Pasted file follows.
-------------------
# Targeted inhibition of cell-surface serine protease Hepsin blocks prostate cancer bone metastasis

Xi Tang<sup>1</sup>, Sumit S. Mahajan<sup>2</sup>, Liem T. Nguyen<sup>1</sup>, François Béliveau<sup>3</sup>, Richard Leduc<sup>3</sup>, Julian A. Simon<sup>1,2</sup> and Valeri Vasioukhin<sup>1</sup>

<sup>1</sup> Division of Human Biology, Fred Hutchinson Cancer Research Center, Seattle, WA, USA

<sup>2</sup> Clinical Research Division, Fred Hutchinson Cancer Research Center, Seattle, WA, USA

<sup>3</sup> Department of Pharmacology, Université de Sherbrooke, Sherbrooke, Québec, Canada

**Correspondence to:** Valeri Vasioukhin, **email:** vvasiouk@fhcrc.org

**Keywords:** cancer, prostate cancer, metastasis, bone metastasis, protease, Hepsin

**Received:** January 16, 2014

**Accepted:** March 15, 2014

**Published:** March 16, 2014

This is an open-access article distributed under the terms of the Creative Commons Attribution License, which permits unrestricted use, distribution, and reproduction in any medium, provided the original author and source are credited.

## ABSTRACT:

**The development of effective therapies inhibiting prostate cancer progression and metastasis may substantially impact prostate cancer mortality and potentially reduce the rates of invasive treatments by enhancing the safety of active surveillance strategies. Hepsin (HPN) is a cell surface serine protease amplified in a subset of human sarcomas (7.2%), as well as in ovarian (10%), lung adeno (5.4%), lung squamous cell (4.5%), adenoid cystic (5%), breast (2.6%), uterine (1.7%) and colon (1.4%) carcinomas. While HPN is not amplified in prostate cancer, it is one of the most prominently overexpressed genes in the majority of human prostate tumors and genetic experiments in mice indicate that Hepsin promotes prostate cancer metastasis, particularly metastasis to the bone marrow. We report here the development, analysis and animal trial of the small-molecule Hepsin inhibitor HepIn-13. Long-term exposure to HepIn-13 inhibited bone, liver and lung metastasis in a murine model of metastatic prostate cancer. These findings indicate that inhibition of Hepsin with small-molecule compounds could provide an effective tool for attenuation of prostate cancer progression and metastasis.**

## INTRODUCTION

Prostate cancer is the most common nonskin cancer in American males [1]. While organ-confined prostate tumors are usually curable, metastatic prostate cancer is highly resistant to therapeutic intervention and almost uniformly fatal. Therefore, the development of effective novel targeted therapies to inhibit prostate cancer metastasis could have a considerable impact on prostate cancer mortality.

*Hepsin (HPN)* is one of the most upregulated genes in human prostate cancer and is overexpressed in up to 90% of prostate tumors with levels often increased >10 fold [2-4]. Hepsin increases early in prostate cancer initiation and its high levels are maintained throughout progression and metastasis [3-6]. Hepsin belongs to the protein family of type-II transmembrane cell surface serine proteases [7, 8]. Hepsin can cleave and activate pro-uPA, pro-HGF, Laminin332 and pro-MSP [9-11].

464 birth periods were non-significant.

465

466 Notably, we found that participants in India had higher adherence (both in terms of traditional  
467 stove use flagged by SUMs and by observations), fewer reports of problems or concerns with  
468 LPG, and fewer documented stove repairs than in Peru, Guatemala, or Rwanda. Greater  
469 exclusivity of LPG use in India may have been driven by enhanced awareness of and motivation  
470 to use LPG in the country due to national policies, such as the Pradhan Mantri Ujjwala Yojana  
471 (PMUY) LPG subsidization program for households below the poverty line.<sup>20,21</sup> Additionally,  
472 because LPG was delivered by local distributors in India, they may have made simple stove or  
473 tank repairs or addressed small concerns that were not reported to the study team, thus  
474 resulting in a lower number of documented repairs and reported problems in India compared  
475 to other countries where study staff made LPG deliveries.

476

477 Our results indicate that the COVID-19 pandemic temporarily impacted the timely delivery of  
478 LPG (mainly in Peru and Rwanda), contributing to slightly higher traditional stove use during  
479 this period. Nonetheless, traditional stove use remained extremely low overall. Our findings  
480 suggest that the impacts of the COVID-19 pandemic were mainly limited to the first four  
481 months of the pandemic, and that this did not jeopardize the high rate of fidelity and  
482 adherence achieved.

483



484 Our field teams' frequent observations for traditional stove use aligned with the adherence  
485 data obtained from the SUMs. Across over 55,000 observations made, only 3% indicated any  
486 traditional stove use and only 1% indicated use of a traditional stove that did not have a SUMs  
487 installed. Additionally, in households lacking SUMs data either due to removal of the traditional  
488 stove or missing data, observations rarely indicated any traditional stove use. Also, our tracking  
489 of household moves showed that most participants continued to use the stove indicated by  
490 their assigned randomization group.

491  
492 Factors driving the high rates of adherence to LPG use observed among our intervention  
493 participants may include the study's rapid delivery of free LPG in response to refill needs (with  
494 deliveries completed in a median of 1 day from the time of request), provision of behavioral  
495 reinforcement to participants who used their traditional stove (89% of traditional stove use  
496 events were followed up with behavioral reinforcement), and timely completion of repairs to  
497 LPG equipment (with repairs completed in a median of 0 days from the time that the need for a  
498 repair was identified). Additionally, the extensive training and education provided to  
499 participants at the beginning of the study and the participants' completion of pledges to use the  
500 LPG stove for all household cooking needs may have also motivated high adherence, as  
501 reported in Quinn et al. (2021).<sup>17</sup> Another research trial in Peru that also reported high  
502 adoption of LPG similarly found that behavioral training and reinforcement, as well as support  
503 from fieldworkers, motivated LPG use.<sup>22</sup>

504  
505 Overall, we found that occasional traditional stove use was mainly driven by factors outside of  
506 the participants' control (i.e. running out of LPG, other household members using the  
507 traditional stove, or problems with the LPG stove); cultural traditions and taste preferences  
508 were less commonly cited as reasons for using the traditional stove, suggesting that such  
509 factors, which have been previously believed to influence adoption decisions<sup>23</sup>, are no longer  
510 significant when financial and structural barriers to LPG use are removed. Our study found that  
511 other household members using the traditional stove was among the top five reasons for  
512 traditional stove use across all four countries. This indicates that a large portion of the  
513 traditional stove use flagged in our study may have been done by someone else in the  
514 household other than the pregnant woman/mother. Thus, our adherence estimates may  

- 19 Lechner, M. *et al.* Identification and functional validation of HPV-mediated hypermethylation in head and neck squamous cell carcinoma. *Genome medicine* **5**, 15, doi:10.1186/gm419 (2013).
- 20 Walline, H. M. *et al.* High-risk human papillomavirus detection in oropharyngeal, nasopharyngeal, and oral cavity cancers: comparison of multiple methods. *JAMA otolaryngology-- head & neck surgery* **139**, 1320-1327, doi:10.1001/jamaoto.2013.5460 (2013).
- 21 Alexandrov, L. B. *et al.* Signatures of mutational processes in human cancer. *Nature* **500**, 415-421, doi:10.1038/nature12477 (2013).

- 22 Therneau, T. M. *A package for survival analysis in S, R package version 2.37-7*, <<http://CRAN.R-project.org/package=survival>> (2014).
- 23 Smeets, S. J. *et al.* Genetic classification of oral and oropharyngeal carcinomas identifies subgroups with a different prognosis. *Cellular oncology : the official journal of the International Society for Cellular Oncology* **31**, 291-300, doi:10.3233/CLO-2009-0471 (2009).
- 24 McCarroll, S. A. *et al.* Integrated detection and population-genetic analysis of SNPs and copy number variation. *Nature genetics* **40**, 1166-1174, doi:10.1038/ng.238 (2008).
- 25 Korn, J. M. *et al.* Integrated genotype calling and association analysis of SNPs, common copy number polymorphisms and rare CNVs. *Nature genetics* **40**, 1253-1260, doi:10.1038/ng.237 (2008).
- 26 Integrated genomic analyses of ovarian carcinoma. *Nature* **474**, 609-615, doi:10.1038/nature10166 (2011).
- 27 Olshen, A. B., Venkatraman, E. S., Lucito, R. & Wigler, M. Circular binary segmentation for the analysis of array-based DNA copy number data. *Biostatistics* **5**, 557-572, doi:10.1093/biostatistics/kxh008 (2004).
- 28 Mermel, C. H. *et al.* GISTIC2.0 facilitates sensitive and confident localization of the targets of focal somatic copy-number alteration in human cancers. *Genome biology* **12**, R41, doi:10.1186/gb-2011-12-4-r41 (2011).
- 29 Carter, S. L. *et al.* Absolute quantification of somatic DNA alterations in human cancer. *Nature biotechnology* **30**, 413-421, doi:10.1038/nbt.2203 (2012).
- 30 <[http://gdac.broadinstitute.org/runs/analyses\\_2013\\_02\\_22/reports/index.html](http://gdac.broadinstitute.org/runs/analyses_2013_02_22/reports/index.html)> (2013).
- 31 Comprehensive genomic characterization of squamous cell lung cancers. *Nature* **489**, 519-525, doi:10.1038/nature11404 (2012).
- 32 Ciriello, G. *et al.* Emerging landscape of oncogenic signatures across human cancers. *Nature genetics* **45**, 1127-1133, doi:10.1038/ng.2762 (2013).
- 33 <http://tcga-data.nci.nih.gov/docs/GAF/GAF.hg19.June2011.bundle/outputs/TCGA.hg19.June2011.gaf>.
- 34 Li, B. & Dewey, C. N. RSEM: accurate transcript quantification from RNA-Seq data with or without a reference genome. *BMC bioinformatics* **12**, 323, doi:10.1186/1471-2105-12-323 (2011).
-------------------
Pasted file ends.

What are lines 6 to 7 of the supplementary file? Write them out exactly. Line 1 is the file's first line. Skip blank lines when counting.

**Correspondence to:** Valeri Vasioukhin, **email:** vvasiouk@fhcrc.org

**Keywords:** cancer, prostate cancer, metastasis, bone metastasis, protease, Hepsin